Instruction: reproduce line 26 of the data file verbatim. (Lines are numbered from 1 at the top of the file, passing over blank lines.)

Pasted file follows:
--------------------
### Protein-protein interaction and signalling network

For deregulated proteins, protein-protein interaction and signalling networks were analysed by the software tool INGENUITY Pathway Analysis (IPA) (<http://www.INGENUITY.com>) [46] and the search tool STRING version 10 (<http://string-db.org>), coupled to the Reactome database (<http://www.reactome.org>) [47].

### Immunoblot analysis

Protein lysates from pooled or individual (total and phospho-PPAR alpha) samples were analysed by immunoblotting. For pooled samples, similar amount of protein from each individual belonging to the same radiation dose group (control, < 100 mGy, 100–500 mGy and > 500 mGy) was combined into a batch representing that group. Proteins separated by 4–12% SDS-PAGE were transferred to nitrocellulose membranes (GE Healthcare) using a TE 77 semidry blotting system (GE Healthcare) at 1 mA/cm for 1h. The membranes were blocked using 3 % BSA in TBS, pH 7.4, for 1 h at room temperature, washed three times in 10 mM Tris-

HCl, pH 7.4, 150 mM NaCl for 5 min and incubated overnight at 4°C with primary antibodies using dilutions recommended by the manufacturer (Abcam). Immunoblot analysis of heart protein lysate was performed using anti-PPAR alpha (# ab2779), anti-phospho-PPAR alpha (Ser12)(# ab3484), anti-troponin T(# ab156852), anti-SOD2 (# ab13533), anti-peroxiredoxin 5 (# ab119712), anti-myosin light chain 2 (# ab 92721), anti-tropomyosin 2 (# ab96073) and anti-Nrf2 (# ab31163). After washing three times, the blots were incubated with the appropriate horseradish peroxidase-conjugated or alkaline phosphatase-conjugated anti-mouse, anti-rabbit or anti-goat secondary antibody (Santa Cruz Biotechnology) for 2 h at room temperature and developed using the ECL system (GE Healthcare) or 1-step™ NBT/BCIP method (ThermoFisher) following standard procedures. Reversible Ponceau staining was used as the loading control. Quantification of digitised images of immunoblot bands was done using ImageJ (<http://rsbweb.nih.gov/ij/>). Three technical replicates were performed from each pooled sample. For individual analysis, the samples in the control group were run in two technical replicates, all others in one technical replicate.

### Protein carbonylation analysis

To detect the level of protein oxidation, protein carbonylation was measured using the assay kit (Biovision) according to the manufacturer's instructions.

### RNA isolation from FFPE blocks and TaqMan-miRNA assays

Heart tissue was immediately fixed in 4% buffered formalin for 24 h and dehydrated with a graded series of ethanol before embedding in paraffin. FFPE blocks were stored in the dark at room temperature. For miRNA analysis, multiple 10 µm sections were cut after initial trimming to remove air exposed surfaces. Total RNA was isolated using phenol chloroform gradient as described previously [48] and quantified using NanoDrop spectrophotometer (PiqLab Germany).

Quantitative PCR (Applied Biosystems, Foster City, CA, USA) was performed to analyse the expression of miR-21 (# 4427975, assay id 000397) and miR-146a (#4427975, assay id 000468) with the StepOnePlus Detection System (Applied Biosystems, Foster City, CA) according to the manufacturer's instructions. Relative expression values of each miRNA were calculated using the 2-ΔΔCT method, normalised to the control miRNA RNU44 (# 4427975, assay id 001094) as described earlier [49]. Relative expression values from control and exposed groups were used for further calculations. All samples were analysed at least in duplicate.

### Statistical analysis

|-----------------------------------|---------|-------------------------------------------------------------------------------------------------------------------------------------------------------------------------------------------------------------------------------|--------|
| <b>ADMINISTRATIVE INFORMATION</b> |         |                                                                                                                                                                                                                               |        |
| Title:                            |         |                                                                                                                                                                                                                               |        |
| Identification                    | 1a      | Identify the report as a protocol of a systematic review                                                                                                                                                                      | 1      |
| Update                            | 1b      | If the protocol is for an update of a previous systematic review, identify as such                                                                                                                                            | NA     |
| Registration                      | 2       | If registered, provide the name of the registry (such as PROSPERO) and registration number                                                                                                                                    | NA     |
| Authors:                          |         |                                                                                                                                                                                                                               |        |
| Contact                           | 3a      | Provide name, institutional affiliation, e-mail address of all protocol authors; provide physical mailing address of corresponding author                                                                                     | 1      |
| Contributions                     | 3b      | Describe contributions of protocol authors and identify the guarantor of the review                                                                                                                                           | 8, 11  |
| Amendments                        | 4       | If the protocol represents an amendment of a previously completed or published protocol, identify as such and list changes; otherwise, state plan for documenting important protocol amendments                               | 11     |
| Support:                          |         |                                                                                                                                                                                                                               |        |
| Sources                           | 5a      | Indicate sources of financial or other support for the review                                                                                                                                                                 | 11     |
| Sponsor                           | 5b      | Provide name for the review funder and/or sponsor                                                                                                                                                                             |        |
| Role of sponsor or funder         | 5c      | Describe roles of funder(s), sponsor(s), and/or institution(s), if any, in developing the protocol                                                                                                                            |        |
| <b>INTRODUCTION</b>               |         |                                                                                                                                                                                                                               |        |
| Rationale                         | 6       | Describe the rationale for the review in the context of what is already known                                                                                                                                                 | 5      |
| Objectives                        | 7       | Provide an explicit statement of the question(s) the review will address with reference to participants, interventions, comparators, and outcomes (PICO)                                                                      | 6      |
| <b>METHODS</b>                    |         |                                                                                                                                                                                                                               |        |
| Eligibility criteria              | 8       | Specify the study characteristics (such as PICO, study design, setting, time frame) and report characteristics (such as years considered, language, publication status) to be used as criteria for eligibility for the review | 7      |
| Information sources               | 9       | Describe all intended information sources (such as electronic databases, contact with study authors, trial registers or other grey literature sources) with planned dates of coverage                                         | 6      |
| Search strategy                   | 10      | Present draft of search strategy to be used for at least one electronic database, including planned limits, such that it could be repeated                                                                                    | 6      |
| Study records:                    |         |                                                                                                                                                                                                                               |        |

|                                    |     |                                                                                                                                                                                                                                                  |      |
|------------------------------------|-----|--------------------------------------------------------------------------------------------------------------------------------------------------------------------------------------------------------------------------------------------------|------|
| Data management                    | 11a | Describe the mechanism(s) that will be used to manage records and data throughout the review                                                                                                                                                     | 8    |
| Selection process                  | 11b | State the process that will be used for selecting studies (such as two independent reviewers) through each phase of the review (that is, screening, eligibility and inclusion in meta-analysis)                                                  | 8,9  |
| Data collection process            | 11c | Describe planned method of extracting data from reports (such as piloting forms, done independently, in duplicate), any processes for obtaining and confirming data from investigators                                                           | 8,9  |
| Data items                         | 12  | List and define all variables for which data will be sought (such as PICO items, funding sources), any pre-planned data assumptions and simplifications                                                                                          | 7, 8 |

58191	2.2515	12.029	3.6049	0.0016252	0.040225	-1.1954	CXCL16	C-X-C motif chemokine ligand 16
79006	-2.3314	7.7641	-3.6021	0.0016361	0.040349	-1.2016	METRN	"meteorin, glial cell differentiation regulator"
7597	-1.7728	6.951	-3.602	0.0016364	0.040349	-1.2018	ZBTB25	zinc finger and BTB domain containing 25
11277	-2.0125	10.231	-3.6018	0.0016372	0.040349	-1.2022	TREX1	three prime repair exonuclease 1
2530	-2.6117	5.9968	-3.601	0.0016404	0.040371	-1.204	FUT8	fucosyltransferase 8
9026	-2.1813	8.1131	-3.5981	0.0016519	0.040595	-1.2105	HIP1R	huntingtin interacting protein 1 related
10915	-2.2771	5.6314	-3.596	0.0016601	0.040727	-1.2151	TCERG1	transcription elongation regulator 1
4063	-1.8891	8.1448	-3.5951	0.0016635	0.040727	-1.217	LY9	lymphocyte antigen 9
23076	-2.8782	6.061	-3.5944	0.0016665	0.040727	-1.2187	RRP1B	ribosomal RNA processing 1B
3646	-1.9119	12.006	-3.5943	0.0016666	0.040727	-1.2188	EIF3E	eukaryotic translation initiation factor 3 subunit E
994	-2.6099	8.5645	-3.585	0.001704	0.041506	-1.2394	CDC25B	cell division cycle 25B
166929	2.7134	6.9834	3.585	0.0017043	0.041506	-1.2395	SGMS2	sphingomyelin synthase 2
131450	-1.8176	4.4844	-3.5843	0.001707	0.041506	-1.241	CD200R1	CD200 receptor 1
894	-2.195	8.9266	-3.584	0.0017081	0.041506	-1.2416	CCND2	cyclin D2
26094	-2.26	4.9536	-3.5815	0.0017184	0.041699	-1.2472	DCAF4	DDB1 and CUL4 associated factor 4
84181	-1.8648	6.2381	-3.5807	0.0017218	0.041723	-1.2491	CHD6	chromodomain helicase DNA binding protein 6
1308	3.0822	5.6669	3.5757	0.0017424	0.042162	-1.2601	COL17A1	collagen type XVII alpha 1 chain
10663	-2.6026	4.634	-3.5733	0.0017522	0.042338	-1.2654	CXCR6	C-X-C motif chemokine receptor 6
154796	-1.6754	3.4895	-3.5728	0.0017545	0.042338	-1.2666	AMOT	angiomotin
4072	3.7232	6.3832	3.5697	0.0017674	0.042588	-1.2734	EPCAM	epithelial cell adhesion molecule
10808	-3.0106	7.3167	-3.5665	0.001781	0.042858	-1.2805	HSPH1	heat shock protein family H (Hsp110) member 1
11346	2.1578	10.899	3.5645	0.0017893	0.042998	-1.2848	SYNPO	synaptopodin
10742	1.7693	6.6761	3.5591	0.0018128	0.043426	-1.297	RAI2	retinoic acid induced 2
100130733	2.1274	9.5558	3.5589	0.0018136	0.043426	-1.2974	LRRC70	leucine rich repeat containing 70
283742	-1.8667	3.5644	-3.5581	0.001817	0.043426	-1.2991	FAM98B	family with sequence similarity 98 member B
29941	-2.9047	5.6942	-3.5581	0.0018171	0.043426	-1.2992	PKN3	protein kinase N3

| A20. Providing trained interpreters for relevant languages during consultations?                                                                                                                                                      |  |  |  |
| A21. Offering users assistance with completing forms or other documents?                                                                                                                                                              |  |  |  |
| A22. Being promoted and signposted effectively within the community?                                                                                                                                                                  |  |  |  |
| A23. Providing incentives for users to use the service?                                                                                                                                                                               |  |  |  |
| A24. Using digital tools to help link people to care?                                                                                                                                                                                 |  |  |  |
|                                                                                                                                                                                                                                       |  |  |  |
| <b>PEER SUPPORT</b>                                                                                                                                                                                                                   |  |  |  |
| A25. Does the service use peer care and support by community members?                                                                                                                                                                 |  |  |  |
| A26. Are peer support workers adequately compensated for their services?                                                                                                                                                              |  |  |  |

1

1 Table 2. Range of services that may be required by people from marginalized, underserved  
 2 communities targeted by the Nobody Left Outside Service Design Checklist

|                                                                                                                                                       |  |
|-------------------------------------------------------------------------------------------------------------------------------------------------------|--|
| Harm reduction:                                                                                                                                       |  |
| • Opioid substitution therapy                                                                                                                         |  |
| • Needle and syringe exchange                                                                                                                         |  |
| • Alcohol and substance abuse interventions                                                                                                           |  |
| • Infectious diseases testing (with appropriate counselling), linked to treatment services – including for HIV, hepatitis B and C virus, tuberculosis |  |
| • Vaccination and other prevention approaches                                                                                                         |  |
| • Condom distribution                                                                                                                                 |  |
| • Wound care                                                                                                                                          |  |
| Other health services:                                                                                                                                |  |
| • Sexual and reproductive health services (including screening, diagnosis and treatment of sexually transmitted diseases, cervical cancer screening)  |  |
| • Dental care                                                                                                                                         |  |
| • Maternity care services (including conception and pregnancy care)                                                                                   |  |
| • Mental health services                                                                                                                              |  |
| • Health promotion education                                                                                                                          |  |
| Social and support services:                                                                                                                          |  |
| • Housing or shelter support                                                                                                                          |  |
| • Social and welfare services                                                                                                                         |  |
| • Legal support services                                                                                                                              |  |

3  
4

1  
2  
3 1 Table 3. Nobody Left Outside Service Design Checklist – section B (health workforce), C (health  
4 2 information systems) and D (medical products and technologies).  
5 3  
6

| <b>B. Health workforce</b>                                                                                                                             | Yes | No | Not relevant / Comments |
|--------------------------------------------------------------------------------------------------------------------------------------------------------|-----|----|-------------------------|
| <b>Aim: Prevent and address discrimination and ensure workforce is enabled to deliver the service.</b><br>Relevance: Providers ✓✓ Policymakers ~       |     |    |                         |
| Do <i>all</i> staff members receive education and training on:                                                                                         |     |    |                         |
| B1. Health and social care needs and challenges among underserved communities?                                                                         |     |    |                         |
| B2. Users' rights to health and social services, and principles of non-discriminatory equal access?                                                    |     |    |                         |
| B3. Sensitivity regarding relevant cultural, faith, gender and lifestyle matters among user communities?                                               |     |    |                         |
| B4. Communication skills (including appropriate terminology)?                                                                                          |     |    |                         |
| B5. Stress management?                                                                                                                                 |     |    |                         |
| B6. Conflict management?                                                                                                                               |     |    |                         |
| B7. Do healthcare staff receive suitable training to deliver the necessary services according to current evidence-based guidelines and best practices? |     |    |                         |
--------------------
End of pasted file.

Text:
| <b>INTRODUCTION</b>               |         |                                                                                                                                                                                                                               |        |